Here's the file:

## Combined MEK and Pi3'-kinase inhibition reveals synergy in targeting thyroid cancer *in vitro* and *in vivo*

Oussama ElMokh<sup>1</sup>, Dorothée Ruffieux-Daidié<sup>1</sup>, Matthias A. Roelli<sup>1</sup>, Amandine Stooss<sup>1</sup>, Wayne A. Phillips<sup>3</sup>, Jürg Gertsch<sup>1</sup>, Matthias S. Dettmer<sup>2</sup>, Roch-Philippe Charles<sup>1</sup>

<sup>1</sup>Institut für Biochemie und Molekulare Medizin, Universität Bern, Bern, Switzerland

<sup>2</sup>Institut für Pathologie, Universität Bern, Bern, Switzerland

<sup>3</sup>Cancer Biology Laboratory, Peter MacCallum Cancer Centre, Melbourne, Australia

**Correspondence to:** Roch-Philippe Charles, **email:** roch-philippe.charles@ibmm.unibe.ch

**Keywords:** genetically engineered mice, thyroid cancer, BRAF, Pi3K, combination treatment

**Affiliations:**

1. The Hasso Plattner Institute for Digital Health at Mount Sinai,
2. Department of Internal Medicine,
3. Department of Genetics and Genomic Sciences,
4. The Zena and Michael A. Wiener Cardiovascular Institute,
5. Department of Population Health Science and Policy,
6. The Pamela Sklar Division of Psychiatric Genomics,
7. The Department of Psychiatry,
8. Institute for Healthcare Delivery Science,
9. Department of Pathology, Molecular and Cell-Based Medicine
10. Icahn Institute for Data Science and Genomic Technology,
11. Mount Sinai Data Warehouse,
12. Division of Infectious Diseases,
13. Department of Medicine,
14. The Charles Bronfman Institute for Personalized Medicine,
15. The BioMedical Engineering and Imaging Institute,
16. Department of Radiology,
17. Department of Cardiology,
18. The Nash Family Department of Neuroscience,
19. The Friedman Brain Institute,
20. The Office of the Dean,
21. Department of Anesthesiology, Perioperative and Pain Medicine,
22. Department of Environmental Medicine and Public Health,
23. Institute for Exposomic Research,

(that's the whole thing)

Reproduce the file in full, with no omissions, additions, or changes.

## Combined MEK and Pi3'-kinase inhibition reveals synergy in targeting thyroid cancer *in vitro* and *in vivo*

Oussama ElMokh<sup>1</sup>, Dorothée Ruffieux-Daidié<sup>1</sup>, Matthias A. Roelli<sup>1</sup>, Amandine Stooss<sup>1</sup>, Wayne A. Phillips<sup>3</sup>, Jürg Gertsch<sup>1</sup>, Matthias S. Dettmer<sup>2</sup>, Roch-Philippe Charles<sup>1</sup>

<sup>1</sup>Institut für Biochemie und Molekulare Medizin, Universität Bern, Bern, Switzerland

<sup>2</sup>Institut für Pathologie, Universität Bern, Bern, Switzerland

<sup>3</sup>Cancer Biology Laboratory, Peter MacCallum Cancer Centre, Melbourne, Australia

**Correspondence to:** Roch-Philippe Charles, **email:** roch-philippe.charles@ibmm.unibe.ch

**Keywords:** genetically engineered mice, thyroid cancer, BRAF, Pi3K, combination treatment

**Affiliations:**

1. The Hasso Plattner Institute for Digital Health at Mount Sinai,
2. Department of Internal Medicine,
3. Department of Genetics and Genomic Sciences,
4. The Zena and Michael A. Wiener Cardiovascular Institute,
5. Department of Population Health Science and Policy,
6. The Pamela Sklar Division of Psychiatric Genomics,
7. The Department of Psychiatry,
8. Institute for Healthcare Delivery Science,
9. Department of Pathology, Molecular and Cell-Based Medicine
10. Icahn Institute for Data Science and Genomic Technology,
11. Mount Sinai Data Warehouse,
12. Division of Infectious Diseases,
13. Department of Medicine,
14. The Charles Bronfman Institute for Personalized Medicine,
15. The BioMedical Engineering and Imaging Institute,
16. Department of Radiology,
17. Department of Cardiology,
18. The Nash Family Department of Neuroscience,
19. The Friedman Brain Institute,
20. The Office of the Dean,
21. Department of Anesthesiology, Perioperative and Pain Medicine,
22. Department of Environmental Medicine and Public Health,
23. Institute for Exposomic Research,